The company said it is “disappointed” with Biden’s action expected later today, adding it will overturn extensive regulatory reviews that found the pipeline would transport needed energy in an environmentally responsible way and bolster North American energy security.
It warned the move will lead to the layoffs of thousands of union workers and comes despite its commitments to use renewable energy to power the pipeline and forge equity partnerships with Indigenous communities.
Francois Poirier, who took over as TC Energy CEO at the beginning of the year, said in a statement the company remains committed to growing earnings and dividends through its investments in critical energy infrastructure even if Keystone XL doesn’t go ahead.
“Our base business continues to perform very well and, aside from Keystone XL, we are advancing $25 billion of secured capital projects along with a robust portfolio of other similarly high-quality opportunities under development,” he said.
TC Energy said it will stop capitalizing costs, including interest during construction, effective Wednesday, and will evaluate the carrying value of its investment in the pipeline, net of project recoveries.
It says this will likely result in “substantive” mostly non-cash writedowns in its first-quarter financial results.
Meanwhile, environmental groups applauded Biden’s expected move.
“Killing the Keystone XL pipeline once and for all is a clear indication that climate action is a priority for the White House. This should not come as a surprise to anyone,” said Dale Marshall, national climate program manager for Canada’s Environmental Defence.
“We should take heed when the biggest customer for Canada’s oil kills a pipeline that is already under construction. The Keystone XL pipeline never made sense for either the U.S. or Canada.”
In contrast, Saskatchewan Premier Scott Moe said it’s “incredibly troubling” that TC Energy has suspended work on Keystone XL.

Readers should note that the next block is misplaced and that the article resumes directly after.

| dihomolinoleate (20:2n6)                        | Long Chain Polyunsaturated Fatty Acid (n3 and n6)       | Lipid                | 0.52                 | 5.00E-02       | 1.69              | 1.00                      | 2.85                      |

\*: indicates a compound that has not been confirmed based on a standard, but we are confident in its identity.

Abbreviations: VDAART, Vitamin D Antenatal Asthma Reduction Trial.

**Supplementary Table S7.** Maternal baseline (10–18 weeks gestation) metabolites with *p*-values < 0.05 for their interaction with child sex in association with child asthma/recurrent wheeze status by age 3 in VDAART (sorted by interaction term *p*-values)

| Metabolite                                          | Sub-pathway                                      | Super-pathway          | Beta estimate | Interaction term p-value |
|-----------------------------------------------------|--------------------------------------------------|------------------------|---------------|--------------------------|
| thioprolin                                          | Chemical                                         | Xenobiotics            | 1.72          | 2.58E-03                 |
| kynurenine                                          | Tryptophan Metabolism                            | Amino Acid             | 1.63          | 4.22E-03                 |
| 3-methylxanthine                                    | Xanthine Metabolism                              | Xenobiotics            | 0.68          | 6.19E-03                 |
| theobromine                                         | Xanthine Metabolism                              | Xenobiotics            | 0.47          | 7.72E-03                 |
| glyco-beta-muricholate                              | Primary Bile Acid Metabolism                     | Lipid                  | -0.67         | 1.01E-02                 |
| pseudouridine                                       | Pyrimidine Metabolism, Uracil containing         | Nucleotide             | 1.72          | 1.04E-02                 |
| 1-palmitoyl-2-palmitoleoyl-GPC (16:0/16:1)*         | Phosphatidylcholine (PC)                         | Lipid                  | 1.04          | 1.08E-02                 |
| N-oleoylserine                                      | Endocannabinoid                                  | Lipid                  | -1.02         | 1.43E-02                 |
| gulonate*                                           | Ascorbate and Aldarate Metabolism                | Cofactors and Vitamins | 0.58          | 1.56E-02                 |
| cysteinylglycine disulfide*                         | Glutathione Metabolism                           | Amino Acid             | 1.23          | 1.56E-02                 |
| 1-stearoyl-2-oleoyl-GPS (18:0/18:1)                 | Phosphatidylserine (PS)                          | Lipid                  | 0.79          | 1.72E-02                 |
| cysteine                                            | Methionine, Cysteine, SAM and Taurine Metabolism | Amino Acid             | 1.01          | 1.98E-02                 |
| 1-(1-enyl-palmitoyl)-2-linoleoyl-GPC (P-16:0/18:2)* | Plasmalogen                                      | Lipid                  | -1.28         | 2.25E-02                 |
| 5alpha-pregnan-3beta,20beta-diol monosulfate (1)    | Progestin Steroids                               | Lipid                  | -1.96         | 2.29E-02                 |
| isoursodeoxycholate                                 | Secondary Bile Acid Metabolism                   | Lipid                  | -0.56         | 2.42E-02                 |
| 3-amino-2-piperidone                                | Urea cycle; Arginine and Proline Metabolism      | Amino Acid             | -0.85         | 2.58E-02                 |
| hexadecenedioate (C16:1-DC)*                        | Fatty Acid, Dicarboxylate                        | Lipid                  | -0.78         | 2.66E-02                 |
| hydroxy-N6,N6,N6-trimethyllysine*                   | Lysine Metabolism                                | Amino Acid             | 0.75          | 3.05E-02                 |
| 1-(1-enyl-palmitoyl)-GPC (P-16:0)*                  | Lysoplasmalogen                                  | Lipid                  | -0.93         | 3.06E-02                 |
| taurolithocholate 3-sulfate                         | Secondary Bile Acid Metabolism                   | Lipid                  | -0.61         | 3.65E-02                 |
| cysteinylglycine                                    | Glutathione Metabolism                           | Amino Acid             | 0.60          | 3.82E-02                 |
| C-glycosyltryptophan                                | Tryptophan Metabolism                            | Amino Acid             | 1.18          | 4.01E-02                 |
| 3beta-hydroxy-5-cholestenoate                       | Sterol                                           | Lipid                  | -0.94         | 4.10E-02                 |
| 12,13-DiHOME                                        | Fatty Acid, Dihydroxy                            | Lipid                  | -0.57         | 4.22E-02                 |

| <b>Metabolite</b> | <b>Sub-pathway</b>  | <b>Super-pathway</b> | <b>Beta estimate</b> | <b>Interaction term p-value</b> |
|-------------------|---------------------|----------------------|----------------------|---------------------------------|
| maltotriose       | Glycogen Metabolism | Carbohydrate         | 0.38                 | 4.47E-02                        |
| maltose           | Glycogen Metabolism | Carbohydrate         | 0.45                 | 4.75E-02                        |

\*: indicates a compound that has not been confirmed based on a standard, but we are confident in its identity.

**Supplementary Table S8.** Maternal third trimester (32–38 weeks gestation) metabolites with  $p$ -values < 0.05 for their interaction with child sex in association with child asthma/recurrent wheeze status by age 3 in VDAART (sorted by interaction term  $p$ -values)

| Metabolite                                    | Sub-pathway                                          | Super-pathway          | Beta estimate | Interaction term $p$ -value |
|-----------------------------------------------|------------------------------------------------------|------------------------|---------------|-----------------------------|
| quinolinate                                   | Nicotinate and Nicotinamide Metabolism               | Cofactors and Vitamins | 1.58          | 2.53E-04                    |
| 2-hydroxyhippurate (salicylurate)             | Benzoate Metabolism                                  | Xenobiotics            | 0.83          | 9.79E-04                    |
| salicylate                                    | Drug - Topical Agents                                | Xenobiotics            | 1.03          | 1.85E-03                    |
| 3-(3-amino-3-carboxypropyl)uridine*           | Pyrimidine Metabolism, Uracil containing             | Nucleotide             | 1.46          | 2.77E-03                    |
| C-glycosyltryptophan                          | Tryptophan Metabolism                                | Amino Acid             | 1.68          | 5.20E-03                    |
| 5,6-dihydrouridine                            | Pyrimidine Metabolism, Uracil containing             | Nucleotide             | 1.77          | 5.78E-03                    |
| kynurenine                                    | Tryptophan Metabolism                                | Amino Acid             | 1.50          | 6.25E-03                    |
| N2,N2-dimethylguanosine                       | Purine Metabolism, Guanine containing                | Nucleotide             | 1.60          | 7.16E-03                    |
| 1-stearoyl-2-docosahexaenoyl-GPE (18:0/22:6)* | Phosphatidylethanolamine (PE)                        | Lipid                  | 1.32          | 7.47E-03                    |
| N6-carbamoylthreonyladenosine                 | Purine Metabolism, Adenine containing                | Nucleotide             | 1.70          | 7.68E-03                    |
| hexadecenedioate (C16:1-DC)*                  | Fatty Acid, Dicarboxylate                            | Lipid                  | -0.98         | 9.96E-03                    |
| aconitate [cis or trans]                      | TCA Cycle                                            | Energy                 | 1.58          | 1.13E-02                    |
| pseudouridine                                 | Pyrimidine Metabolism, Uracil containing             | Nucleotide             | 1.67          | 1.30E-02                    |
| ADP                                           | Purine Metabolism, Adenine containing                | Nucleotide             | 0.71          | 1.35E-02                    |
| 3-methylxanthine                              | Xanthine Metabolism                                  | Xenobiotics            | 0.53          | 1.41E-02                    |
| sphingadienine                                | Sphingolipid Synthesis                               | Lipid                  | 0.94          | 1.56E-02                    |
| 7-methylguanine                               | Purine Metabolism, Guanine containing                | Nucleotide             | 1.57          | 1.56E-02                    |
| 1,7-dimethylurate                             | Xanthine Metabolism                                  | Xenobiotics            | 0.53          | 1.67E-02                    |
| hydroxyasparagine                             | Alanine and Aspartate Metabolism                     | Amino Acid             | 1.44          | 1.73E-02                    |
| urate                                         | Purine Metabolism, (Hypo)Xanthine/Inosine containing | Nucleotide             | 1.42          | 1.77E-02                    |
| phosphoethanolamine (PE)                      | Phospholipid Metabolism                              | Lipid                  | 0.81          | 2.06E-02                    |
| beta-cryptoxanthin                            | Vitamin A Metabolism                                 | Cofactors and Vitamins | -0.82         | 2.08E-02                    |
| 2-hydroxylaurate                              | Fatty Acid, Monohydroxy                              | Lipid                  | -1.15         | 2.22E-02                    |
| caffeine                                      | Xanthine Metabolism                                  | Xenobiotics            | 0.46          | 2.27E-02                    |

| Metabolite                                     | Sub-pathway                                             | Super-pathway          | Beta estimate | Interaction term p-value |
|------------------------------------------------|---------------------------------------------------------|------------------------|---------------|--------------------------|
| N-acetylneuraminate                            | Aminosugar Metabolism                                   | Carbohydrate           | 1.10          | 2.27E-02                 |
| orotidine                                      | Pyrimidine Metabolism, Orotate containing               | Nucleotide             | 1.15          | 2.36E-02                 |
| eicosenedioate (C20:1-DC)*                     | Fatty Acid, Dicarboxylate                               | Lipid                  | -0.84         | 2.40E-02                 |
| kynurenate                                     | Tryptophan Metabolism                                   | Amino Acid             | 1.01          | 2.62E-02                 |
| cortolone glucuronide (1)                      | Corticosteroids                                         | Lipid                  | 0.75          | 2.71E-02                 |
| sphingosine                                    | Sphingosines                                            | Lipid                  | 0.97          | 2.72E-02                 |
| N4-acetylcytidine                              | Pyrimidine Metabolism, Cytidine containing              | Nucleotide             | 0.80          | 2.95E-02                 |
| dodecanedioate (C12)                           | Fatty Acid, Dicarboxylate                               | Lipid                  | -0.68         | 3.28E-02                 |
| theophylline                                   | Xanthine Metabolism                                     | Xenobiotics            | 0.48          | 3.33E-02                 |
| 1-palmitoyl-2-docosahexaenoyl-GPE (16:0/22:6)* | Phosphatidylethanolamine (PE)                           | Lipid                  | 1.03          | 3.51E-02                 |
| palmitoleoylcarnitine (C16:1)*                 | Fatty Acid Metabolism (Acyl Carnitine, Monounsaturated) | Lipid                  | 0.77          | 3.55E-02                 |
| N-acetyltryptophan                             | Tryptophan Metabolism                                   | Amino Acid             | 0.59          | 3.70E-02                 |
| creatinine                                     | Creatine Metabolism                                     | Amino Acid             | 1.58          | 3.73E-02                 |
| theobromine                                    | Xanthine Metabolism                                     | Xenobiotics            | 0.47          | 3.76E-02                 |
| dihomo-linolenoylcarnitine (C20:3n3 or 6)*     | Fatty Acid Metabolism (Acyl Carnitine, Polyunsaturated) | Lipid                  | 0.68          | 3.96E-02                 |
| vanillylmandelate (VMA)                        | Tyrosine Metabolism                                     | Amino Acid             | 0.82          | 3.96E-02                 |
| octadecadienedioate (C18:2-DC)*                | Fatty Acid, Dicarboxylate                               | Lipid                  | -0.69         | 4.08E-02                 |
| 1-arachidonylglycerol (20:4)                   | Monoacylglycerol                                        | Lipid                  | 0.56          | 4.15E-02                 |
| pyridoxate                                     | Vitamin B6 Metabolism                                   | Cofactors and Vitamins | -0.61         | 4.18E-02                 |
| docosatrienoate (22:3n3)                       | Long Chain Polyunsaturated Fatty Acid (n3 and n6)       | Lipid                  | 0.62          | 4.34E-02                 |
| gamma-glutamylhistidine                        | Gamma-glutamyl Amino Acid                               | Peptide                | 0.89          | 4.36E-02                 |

“Now is the time for our nations to strengthen our trading relationship, not erect further barriers to collaborative and sustainable development,” he said in a statement.
The Progressive Contractors Association of Canada said in a news release it is disappointed that Biden is “putting politics before reason” in his anticipated decision to rescind the pipeline permit.
“Pulling the plug on a major project, hours after taking office, is a rocky starting point for re-setting Canada/U.S. relations,” said PCAC president Paul de Jong.
The association, whose member companies employ thousands of Alberta and B.C. construction workers, said the pipeline would have generated as many as 60,000 direct and indirect jobs in Canada and the United States.
On Tuesday, Alberta Premier Jason Kenney urged Prime Minister Justin Trudeau in a phone conversation to continue his efforts to press Biden to allow Keystone XL to proceed.
Kenney’s government has invested $1.5 billion directly in the project, along with loan guarantees, and he has said about $1 billion is at risk if the project is killed.
The 1,947-kilometre pipeline is designed to carry 830,000 barrels a day of crude oil from Hardisty, Alta., to Steele City, Neb. From there it would connect with the company’s existing facilities to reach the U.S. Gulf Coast — one of the world’s biggest oil refining hubs.
TC Energy announced a plan Sunday for the Keystone XL project to achieve net zero emissions by spurring an investment of over US$1.7 billion in communities along the Keystone XL footprint to create about 1.6 gigawatts of renewable electric capacity.
The Calgary-based company has also struck a deal with four labour unions to build the pipeline and has an agreement in place with five Indigenous tribes to take a roughly $785 million ownership stake.
Some 200 kilometres of pipe have already been installed for the expansion, including across the Canada-U.S. border, and construction has begun on pump stations in Alberta and several U.S. states.
Biden was vice-president in 2015 when Barack Obama rejected Keystone XL for fear it would worsen climate change.
Trump approved it again in March 2019.
Dan Healing/The Canadian Press